PID is difficult to diagnose because the symptoms are often subtle and mild. Many episodes of PID go undetected because the woman or her health care provider fails to recognize the implications of mild or nonspecific symptoms. Because there are no precise tests for PID, a diagnosis is usually based on clinical findings. If symptoms such as lower abdominal pain are present, a health care provider should perform a physical examination to determine the nature and location of the pain and check for fever, abnormal vaginal or cervical discharge, and for evidence of gonorrhea or chlamydia infection. If the findings suggest PID, treatment is necessary.

If more information is necessary, the health care provider may order other tests to identify the infection-causing organism or to distinguish between PID and other problems with similar symptoms. A pelvic ultrasound is a procedure that may be helpful in evaluating someone for PID. An ultrasound can view the pelvic area to see whether the fallopian tubes are enlarged or whether an abscess is present. In some cases, a laparoscopy may be necessary to confirm the diagnosis. A laparoscopy is a minor surgical procedure in which a thin, flexible tube with a lighted end (laparoscope) is inserted through a small incision in the lower abdomen. This procedure enables the doctor to view the internal pelvic organs and to take specimens for laboratory studies, if needed.

What is the treatment for PID?

PID can be cured with antibiotics. If women have pelvic pain and other symptoms caused by PID, it is critical that they seek care immediately. Prompt antibiotic treatment can prevent severe damage to pelvic organs. The longer women delay treatment for PID, the more likely they are to be infertile or to have an ectopic pregnancy in the future because of damage to the tubes. However, antibiotic treatment does not reverse any damage that has already occurred to the reproductive organs.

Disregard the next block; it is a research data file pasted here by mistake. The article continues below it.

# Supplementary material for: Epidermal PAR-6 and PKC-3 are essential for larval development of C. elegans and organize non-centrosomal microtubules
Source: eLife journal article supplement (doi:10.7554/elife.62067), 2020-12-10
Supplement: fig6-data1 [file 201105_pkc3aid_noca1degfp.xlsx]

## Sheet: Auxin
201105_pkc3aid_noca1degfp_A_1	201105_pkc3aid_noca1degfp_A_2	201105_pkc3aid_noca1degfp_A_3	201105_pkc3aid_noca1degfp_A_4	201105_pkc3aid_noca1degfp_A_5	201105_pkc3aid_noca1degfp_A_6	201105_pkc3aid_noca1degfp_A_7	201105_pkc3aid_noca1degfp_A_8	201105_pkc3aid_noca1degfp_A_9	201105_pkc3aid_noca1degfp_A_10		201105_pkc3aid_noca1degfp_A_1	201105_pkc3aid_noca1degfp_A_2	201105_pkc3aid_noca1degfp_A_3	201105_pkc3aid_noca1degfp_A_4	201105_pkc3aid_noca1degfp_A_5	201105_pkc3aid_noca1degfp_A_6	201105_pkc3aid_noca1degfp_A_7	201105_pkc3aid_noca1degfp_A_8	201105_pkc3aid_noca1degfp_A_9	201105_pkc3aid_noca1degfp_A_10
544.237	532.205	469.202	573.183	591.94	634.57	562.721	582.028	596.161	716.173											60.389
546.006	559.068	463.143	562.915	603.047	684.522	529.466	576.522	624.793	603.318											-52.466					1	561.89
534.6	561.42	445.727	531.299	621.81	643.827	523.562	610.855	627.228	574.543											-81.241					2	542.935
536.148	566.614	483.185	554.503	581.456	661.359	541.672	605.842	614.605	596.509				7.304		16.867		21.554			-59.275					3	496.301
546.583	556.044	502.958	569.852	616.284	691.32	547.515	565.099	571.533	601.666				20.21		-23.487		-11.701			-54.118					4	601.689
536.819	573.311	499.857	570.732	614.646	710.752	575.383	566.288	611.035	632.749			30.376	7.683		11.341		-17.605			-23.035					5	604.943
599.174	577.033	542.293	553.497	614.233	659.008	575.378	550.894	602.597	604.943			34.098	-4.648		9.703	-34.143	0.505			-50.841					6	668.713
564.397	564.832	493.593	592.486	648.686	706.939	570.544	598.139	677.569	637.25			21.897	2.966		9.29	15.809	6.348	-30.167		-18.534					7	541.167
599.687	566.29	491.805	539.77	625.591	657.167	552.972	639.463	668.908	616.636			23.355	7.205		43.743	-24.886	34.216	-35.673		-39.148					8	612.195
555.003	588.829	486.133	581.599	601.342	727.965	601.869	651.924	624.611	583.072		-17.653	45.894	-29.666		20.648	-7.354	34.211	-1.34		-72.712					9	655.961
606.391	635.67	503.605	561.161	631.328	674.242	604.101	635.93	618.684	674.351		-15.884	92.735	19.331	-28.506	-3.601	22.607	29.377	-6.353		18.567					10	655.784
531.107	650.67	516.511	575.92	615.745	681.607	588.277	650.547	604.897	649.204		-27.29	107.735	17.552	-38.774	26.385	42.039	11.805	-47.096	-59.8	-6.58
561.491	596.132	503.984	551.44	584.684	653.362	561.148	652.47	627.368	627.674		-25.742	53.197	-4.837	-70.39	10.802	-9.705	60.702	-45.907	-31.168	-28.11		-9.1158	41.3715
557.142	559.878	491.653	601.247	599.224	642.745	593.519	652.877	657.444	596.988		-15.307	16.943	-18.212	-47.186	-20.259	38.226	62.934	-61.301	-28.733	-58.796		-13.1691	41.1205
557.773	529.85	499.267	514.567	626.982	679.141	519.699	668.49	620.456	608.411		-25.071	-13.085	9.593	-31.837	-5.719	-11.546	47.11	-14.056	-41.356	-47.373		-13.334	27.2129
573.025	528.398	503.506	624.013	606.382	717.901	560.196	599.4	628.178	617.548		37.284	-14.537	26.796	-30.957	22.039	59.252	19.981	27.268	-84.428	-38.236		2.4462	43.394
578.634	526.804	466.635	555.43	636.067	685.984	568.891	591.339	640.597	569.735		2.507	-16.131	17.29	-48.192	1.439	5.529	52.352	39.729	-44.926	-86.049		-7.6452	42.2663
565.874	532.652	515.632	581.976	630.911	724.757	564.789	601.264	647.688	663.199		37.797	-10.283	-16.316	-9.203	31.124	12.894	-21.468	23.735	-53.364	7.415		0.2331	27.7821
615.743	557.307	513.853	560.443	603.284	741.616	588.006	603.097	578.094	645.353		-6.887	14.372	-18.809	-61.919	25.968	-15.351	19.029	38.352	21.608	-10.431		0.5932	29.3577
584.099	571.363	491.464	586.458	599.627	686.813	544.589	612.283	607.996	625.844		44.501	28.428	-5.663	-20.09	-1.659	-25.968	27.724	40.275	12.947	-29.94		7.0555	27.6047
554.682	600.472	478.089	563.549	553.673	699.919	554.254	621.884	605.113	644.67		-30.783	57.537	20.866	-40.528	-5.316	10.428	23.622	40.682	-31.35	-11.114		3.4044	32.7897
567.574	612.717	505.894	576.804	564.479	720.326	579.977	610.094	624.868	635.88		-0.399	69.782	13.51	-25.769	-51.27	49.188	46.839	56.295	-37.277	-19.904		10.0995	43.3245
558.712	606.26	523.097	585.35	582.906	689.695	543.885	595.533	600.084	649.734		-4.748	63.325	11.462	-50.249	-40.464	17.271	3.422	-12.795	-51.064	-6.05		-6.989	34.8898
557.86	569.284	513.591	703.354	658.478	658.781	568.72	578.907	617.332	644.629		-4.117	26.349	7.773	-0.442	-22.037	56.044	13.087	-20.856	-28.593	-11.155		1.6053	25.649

Because of the difficulty in identifying organisms infecting the internal reproductive organs and because more than one organism may be responsible for an episode of PID, PID is usually treated with at least two antibiotics that are effective against a wide range of infectious agents. These antibiotics can be given by mouth or by vein. The symptoms may go away before the infection is cured. Even if symptoms do go away, women should finish taking all of the medicine. This will help prevent the infection from returning. Women on treatment for PID should be re-evaluated by their health care provider two to three days after starting treatment to be sure the antibiotics are working to cure the infection. In addition, women's sex partners should be treated to decrease the risk of re-infection, even if the partners have no symptoms. Many women with PID have sex partners who have no symptoms, although their sex partners may be infected with the organisms that can cause PID.

About one fourth of women with suspected PID must be hospitalized. Hospitalization may be recommended if the woman is severely ill (e.g., high fever) or pregnant; if she cannot take oral medication and needs intravenous antibiotics; if the diagnosis is uncertain; or in some cases, if she is infected with HIV (human immunodeficiency virus, the virus that causes AIDS). If symptoms continue or if an abscess does not resolve, surgery may be needed. Complications of PID, such as chronic pelvic pain and scarring are difficult to treat but are sometimes improved with surgery.